The market value of medical textiles is predicted to grow at a CAGR of 4.9 per cent by 2025. Fibre2Fashion discusses a crucial medical textile - different types of innovative bandages which help heal millions of lives.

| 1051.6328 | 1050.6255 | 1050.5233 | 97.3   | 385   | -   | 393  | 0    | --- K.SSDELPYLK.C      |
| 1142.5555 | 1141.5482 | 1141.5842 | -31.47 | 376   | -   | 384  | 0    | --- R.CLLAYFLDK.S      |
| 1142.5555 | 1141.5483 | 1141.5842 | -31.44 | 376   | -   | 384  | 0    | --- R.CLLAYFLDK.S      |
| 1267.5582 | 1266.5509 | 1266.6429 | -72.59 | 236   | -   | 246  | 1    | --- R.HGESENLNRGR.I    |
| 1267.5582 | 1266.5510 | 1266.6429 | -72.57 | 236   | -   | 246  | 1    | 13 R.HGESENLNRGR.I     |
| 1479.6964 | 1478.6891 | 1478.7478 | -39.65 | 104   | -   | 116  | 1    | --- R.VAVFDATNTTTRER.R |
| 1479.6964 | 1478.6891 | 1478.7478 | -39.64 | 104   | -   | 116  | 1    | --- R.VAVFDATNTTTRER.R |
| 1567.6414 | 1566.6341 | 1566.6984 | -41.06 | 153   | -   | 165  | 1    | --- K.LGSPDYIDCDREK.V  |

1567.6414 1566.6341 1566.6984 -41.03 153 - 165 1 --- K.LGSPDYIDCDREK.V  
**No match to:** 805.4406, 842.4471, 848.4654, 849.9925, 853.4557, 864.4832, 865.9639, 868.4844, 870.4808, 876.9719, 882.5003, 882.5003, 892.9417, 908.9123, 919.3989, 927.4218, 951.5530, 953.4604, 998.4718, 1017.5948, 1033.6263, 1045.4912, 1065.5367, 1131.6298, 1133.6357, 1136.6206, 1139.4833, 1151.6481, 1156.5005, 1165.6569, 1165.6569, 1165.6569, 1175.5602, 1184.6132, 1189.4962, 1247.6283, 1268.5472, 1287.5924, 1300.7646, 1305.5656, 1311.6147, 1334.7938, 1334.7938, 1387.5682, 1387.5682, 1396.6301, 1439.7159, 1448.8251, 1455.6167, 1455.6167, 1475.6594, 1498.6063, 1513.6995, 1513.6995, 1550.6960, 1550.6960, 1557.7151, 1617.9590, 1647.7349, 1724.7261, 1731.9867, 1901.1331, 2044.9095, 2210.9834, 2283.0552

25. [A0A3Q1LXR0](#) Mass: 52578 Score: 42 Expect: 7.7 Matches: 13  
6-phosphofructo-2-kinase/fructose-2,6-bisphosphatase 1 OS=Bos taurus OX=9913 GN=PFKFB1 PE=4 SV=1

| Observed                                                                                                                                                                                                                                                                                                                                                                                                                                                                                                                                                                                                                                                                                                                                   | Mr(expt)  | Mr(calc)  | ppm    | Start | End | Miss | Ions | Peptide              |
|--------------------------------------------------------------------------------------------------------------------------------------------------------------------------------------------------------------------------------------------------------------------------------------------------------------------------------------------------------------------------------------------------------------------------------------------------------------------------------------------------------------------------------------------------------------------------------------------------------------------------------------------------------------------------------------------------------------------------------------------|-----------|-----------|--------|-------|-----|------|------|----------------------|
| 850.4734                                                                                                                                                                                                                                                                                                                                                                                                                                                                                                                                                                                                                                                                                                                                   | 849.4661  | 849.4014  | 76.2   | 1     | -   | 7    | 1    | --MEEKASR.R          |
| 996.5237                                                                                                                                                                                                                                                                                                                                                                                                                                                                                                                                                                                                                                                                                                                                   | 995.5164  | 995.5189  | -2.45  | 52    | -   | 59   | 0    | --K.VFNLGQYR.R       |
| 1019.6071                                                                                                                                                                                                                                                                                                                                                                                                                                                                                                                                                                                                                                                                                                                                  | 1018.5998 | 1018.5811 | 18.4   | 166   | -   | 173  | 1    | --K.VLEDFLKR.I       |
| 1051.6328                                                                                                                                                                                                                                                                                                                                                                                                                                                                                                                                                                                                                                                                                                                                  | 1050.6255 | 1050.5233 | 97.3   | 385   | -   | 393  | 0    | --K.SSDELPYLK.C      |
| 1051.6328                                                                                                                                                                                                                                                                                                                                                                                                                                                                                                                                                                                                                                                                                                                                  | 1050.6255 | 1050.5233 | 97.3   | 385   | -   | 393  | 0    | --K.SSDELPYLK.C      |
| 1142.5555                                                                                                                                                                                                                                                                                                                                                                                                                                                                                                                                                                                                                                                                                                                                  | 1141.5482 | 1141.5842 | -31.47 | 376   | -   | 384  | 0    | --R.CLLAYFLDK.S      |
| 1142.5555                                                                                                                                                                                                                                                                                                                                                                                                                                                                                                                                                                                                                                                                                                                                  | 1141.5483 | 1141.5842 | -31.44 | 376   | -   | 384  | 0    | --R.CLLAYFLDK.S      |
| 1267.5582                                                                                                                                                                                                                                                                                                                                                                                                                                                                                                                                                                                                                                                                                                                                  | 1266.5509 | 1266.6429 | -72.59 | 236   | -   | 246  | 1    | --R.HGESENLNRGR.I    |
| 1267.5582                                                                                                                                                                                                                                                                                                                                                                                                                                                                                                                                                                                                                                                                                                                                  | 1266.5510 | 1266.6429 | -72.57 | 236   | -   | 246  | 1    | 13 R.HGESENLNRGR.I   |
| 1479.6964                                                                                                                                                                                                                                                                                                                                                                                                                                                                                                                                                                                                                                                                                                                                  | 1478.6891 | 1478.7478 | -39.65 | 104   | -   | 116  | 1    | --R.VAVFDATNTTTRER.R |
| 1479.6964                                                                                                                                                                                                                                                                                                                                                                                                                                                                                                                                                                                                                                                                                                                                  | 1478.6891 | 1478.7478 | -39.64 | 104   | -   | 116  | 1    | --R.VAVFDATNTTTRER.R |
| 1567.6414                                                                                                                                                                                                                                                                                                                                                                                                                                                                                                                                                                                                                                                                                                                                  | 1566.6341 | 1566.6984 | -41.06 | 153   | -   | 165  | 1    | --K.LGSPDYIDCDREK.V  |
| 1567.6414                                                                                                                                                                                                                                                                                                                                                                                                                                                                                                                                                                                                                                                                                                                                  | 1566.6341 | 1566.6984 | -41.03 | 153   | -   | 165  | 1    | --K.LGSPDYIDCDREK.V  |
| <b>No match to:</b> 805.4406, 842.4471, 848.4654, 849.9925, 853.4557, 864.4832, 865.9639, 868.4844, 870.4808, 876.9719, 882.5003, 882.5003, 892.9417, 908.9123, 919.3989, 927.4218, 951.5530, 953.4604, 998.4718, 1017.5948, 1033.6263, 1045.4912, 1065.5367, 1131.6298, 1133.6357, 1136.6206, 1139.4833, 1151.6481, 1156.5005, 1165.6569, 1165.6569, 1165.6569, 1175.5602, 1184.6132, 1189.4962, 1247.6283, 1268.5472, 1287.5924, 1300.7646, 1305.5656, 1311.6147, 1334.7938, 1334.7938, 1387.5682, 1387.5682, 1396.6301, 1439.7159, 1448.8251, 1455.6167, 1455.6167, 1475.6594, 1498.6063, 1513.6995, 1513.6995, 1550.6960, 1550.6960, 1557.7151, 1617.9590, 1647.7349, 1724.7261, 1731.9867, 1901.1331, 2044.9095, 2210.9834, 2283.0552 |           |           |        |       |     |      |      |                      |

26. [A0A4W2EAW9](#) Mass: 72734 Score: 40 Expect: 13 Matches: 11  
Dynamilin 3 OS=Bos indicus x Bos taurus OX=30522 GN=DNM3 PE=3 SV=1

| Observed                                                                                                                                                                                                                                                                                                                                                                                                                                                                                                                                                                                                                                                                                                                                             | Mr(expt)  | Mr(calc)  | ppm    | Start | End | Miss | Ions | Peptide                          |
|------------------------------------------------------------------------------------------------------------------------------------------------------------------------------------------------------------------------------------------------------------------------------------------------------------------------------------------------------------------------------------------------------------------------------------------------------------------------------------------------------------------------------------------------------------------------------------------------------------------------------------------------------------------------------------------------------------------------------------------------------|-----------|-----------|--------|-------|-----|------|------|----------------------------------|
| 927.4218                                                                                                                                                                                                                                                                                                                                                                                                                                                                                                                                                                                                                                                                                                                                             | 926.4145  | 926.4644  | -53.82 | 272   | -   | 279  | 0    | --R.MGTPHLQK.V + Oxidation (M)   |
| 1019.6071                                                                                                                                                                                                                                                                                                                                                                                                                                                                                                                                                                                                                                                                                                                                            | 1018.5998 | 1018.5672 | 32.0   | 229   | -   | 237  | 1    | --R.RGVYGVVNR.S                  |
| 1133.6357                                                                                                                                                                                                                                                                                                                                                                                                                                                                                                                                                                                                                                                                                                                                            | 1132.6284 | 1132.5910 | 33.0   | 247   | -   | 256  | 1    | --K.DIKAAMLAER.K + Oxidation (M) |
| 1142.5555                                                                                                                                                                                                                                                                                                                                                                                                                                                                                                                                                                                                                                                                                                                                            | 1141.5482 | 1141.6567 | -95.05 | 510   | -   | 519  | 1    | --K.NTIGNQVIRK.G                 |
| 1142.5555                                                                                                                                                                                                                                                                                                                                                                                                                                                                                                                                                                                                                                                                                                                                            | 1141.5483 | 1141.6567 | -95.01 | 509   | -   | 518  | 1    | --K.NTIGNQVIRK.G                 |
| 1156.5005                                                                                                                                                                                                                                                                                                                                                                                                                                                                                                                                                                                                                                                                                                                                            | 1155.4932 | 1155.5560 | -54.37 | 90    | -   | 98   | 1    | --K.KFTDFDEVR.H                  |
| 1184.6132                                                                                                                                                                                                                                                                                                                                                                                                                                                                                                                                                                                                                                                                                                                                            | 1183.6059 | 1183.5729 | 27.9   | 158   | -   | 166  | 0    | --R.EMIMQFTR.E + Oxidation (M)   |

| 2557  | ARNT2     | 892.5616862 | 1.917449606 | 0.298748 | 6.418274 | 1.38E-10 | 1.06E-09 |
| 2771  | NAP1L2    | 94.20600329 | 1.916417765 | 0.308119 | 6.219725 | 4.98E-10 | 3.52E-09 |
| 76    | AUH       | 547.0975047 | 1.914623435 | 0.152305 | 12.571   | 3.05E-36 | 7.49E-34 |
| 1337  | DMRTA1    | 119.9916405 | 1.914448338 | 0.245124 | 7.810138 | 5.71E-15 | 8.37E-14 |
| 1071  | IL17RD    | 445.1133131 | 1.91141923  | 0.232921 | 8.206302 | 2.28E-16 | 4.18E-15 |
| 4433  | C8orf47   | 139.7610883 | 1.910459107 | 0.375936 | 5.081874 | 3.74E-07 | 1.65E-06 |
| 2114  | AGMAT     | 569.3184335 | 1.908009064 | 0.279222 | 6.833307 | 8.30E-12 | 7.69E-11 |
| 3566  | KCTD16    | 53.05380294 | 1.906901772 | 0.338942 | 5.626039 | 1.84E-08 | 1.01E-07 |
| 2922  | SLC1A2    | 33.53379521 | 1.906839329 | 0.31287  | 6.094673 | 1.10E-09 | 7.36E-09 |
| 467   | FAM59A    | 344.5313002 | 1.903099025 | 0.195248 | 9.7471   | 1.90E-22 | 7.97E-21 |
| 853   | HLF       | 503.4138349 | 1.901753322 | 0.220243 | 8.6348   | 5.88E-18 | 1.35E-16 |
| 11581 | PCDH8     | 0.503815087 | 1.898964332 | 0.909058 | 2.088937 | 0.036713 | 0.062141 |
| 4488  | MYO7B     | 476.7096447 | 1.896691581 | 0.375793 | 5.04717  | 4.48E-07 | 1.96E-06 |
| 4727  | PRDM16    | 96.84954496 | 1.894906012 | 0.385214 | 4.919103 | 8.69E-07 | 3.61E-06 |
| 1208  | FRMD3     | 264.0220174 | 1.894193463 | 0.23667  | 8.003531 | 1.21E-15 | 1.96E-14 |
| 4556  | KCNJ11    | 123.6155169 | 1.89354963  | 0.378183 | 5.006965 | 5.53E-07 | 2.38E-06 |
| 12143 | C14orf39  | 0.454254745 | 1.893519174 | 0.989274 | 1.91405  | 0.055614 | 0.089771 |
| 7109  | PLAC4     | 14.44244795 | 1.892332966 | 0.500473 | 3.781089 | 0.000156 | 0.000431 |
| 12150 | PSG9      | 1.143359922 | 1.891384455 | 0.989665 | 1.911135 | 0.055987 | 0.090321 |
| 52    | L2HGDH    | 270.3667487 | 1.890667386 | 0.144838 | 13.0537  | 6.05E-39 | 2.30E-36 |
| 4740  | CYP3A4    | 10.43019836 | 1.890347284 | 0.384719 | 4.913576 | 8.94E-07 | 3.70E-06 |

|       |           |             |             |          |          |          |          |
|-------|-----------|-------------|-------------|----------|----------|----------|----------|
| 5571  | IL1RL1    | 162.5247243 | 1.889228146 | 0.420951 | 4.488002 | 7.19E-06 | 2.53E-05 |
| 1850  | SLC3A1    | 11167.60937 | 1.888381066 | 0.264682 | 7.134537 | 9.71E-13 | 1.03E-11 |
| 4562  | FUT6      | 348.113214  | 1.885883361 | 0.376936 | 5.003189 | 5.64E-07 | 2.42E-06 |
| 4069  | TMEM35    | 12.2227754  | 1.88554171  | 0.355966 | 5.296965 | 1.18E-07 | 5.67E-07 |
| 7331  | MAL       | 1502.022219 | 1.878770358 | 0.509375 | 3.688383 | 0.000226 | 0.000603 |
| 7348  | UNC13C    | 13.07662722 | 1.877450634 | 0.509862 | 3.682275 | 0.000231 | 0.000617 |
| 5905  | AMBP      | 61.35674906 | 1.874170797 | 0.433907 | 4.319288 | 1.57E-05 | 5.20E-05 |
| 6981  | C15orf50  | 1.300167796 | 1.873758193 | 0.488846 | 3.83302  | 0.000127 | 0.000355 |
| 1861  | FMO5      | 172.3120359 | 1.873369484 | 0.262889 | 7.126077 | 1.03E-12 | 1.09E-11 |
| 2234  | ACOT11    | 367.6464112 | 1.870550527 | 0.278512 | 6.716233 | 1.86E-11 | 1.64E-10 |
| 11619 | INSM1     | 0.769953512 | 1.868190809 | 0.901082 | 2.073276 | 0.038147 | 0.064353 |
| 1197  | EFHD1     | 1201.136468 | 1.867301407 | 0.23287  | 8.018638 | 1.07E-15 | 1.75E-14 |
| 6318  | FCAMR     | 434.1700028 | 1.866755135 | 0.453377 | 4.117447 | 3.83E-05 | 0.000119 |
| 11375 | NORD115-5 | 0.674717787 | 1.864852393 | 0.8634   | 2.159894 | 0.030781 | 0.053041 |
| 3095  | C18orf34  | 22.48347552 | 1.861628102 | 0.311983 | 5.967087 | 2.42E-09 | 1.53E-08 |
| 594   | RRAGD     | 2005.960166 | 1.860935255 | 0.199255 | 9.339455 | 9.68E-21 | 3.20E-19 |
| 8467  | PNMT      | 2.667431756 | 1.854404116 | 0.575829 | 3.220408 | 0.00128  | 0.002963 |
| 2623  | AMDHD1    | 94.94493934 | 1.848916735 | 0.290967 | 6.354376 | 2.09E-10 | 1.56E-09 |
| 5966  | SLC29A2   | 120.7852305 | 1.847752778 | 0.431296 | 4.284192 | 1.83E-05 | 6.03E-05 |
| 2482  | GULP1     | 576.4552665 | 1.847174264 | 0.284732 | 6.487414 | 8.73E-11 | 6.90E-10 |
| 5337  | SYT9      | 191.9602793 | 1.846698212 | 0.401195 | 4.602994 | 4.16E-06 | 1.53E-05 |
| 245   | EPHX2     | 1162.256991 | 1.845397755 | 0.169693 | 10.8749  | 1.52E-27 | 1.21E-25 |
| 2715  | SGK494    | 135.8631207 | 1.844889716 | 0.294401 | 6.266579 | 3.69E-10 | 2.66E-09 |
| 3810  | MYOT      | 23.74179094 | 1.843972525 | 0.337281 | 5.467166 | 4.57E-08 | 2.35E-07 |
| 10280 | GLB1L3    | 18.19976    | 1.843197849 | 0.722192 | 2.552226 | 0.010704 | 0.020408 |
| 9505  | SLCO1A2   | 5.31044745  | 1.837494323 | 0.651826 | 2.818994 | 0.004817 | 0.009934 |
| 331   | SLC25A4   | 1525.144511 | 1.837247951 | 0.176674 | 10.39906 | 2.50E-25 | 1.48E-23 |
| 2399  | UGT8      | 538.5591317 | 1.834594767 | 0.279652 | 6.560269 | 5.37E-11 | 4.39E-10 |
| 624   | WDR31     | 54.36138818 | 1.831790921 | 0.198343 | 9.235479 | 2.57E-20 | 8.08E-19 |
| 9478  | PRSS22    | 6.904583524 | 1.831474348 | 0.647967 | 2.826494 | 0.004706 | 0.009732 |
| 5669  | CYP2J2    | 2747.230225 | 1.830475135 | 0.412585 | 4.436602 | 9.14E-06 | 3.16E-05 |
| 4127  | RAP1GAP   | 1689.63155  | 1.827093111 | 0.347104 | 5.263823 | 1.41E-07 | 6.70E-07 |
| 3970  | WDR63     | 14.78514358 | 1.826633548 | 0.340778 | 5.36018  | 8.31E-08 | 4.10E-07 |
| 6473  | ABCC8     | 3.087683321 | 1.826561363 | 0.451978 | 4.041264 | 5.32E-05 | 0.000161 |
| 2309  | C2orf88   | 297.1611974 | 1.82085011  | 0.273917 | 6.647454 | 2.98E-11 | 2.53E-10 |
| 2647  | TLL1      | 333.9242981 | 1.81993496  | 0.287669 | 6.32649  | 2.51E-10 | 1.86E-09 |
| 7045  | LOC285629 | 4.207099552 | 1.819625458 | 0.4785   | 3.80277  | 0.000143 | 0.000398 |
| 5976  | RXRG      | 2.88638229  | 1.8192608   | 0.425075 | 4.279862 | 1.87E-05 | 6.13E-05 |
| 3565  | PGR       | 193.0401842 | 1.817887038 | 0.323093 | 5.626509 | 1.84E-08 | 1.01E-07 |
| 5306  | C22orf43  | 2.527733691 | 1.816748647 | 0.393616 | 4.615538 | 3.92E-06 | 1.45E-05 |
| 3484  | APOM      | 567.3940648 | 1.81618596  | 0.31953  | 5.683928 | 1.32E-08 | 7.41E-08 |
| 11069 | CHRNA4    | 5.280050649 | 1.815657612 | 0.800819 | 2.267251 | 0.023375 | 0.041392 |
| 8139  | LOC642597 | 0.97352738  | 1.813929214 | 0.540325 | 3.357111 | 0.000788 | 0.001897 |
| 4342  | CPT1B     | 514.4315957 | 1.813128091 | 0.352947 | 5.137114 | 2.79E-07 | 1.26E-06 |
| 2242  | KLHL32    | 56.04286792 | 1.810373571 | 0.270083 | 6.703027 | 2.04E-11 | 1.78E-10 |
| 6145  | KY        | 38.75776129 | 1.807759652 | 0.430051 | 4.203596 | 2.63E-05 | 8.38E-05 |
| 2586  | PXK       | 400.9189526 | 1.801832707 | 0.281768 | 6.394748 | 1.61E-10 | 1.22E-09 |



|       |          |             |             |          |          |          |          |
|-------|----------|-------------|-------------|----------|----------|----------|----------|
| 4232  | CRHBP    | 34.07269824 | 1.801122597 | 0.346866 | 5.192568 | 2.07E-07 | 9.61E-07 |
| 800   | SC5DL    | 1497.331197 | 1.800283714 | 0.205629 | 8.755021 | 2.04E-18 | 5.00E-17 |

The market value of medical textiles is predicted to grow at a CAGR of 4.9 per cent by 2025. Fibre2Fashion discusses a crucial medical textile - different types of innovative bandages which help heal millions of lives. Textiles have been used in almost different sectors beyond imagination and the medical sector is one of them. Medical textiles are one of the most important and major growth areas within the technical textiles industry. A number of applications ranging from simple bandage to 3-D scaffolds have been used as medical products for a large variety of diseases and replacement of permanent body implants. Medical textile products are not only used in the hospital, hygiene, and healthcare sectors but also in hotels, homes, and other environments where hygiene is a must. Global market size of medical textiles In 2018, the market value of medical textiles was valued at $16,686.6 million. However, due to advancement in ongoing technologies, greater health awareness, rise in the number of road accidents/ injuries and increase in lifestyle diseases, ageing population and support from governments in the form of funding, the market value of medical textiles is predicted to grow at a CAGR of 4.9 per cent by 2025. Bandages and wound care dressings are most commonly used in medical sectors because they are affordable and reusable. Bandage/ dressing play a major role in the overall health industry market and are expected to reach $13.5 billion by 2025. Fibres and structure used for the construction of bandage A bandage is a piece of cloth or a strip material used to bind a wound or to protect an injured part of the body. Some bandages such as the butterfly bandage, cervical collar, tubular finger bandage, lumbar/ abdominal support and anti- decubitus boots, etc are designed to perform specific functions as per final medical requirements. The fibre and structure used for the construction of bandage vary with design and its functions. Some of the fibres and structure used are given below: Types of bandage Types of fibres used Type of structure used High-supported Cotton, viscose, lyocell, elastomeric fibre woven, nonwoven, knitted Compression Cotton, viscose, lyocell, elastomeric fibre woven, knitted Orthopaedic Cotton, viscose, lyocell, polyester, polypropylene, polyurethane foam woven, nonwoven Gauge dressing Cotton, viscose, lyocell, alginate fibre, chitosan woven, nonwoven, knitted The innovative bandage During the past few years, there have been increasing concerns related to the performance of bandage. Recently many researchers have developed many an innovative medical bandage. Examples are given below:1. Self-powered electric bandage Researchers from the US and China have developed a bandage that is easy to wear as an ordinary dressing. The dressing is made of a tiny electrode driven by nanogenerators and can be wrapped around one's torso. When you breathe, the ribcage moves and this movement stimulates the nanogenerators sending low intensity pulses to the wound area. However, it is not fully clear how the pulses help. Scientists say that they increase the viability of fibroblasts and encourage them to line up, which is key to the healing process. 2. Electric bandage Dr. Scott Sheftel, an associate professor of dermatology at the University of Arizona in Tucson, Arizona says: "Electric bandage looks like a regular bandage, but it doesn't act like a regular bandage". When the bandage is moistened, it stimulates zinc and silver elements on the surface, generates a small electric current that enters the skin to stimulate healing. In clinical trials, the bandage has proved to heal, relieve pain and reduced the risk of infection in hundreds of patients with a chronic disease which have hard to heal wounds. 3. Colour changing compression bandage Compression therapy is used frequently to treat medical conditions like venous ulcers. In compression therapy, correct pressure needs to be applied. If wrong amount of pressure is applied, it leads to prolonged treatment and causes further injury. Currently, researchers have designed a new type of compression bandage that incorporates a stretchable pressure - sensitive photonic fibre. The fibre is made up of thin layers of transparent rubber materials wrapped around a stretchable core filament. When the bandage is stretched, the fibre colour changes from yellow to green, then blue and the colour can be matched to the desired pressure. 4. Heat- responsive bandages: According to the International Diabetes Federation, an estimated 415 million people suffer from diabetic foot ulcers across the globe. As the disease develops, it damages the nerve and often patients start losing their ability to fully feel their foot. This means that when a diabetic person cuts his foot, he won't notice it at all and therefore won't treat it. Additionally, patients having high glucose levels with diabetic foot ulcers, develop thickened capillary walls which slows down blood circulation and makes it more difficult for the body to heal cells at the wound site. Therefore, if a patient doesn't treat a wound on time, a tiny injury can result in a life-threatening situation. A team of North-Western University researchers have developed a bandage constructed from polyethylene glycol (plastic commonly used for medical). This bandage is known as thermo-responsive, because the bandage can be applied to the wound bed in liquid form which gets solidified into a gel at body temperature. Once applied to a wound, it slowly releases the protein called SDF-1; this protein attracts the stem cells to the wound and encourages the growth of new blood vessels to improve circulation, and thus accelerate the healing process. Once the bandage has done its work, cooling it with a chilled saline solution turns it back into a liquid form which makes it easier to remove it than a standard bandage. Moreover, it helps in eliminating wound damage when removed. 5. Spray-on bandage Spray-on bandage helps in protecting wounds and deliver lifesaving drugs to remote areas where immediate medical care is not available. Scientists created "bottled bandage" using an electrospinning device with a small electric field, which sprays a thin layer of fibres onto the damaged skin like spraying paint on a wall. By applying the mechanism of a spray paint, the device helps to cover wounds and provide controlled drug release over time. 6. Colorimetric bandage The colorimetric bandage can sense drug-resistant and drug-sensitive bacteria in wounds and treat them accordingly. The new paper-based band-aid (PBB) changes colour from green to yellow when it contacts the acidic microenvironment of bacterial infection if drug-resistant bacteria are present. The colour of bandage turns red through the action of an enzyme produced by the resistant microbes. Comparing traditional photodynamic therapy (PDT) and colour-changing bandage in a wound, a new innovative bandage can reduce off-target side effects, increase therapeutic effectiveness and track drug resistance in real-time with the naked eye. 7. HemCon bandage The HemCon bandage is made from chitosan, a naturally occurring biocompatible polysaccharide. Due to the polycationic nature of chitosan, it attracts red blood cells and platelets, which possess a negative charge. Through the ionic interaction, the red blood cells and platelets are drawn towards the bandage and form a strong seal at the dermal wound site. This supportive primary seal allows the body to trigger its coagulation pathway effectively, forming organised platelets. The platelets and red blood cells continue to be drawn towards the bandage and travel up the access tract to strengthen the initial seal. Thus, HemCon dressings are designed to maintain this seal and serve as frontline support structure as the platelets and red blood cells continue to aggregate until haemostasis is achieved. The various types of innovative bandages have the potential to replace current wound care systems to heal better the lives of millions of suffering people. References: 1. Medical Textiles Market Size, Share & Trends Analysis Report by Fabric (Non-woven, Knitted, Woven), by application and segment forecasts, 2019-2025. Retrieved from: https://www.grandviewresearch.com/industry-analysis/medical-textiles-market#:~:text=Global%20medical%20textiles%20market%20was,to%20drive%20mar ket%20over%20the. 2. Self-powered e-bandage speeds wound healing (2018, 23 Dec) Retrieved from: https://health.economictimes.indiatimes.com/news/medical-devices/self-powered-ebandage-speeds-wound-healing/67216127. 3. Electric bandage helps heal chronic wounds (2009, 28 May) Retrieved from: https://www.wlox.com/story/10441142/electric-bandage-helps-heal-chronic-wounds/. 4. Chu, J. (2018, 29 May) Engineers design color-changing compression bandage, Retrieved from: http://news.mit.edu/2018/color-changing-compression-bandagesignal-pressure-level-0529. 5. Wood, C. (2016, August 19) Heat-responsive bandage helps heal wounds, Retrieved from: https://newatlas.com/northwestern-bandage-diabetic-wounds/44974/. 6. Weston, P. (2019, 12 Nov) Scientists create spray-on bandages that could save lives in remote areas, Retrieved from: https://www.independent.co.uk/news/science/spray-onbandage-scientists-remote-areas-save-lives-paint-a9199946.html. 7. HospiMedica International staff writers. (2020, Feb 10) Colorimetric Bandages Identify and Treat Bacterial Infections, Retrieved from: https://www.hospimedica.com/critical-care/articles/294780798/colorimetricbandages-identify-and-treat-bacterialinfections.html#:~:text=Innovative%20color%2Dchanging%20bandages%20can,accord ingly%2C%20claims%20a%20new%20study. 8.https://optident.co.uk/app/uploads/2018/04/HemCon-Family-Brochure-09-2008.pdf About the Author: Oinam Roselyn Devi is a research scholar in the Apparel and TextileScience division, Punjab Agricultural University, Ludhiana